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canvas game

Tips for creating a Canvas game for Android

With the help of our excellent illustrator Pat, we will soon be releasing Face Paint Peggy, an HTML Canvas game for Android mobile phones. The object of the game is to catch “drops” that are of a certain color, progressing through levels where drops move faster and more drops are on the playing field.

The development of the game went through multiple stages, first starting out as a React game and then moving over to Canvas, as the game in it’s React form had stuttering issues and was not smooth. This resulted in a rewrite with Canvas for the release. Below are a few tips I ran across while rewriting the game for Canvas.

Chrome

Android versions 4.4 (KitKat) and up use Chromium as the rendering engine. This means hardware acceleration is enabled by default (previously this needed to be manually enabled) and you get better Javascript performance. For lower versions of Android, look into Crosswalk for maintaining performance.

The desktop version of Chrome also has a handy DevTool to debug Canvas.

Use actual elements when you can

The loading, start, pause, etc.. screens can be done with traditional HTML and CSS, no need to draw it out with Canvas. Doing this saves you a lot of headache drawing it with Canvas and helps with performance. Think of the moving parts as Canvas elements and anything static as regular DIVs.

In Face Paint Peggy, the start screen and the header bar are done in traditional HTML and CSS while Canvas handles the actual game. These elements are placed on top of the canvas and managing them is made much easier.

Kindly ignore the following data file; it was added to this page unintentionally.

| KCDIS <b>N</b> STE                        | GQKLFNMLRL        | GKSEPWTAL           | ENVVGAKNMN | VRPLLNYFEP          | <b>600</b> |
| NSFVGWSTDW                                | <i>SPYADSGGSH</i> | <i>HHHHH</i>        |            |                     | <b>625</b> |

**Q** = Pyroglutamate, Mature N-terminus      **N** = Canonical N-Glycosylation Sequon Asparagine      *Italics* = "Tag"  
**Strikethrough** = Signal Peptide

requestAnimationFrame

Instead of using setInterval, use requestAnimationFrame. If you’re not familiar, requestAnimationFrame only animates when the window is visible (so it doesn’t run in the background) and runs off of frames instead of seconds (like a timer does) so the animation ends up being smooth without the weird jumps and lag you get with intervals.

More information on why you should use requestAnimationFrame can be found at CreativeJS and CSS-Tricks.

Use native features when you can

Binding javascript to java methods is easy with the WebAppInterface. With relative ease you can call Android’s native MessageDialogs, Toasts or your own methods, opening up the ability to call Java methods (and pass information to) from Javascript events.

In Face Paint Peggy, the status bar color changes with the corresponding drop color. When a player hits the drop, it calls a function changeStatusBarColor that passes a hex over to the corresponding WebAppInterface method. The corresponding method then sets the status bar color.

Note security issues with binding javascript to java in the WebView. There are also the numerous different WebView settings that you can mess with.

 

 

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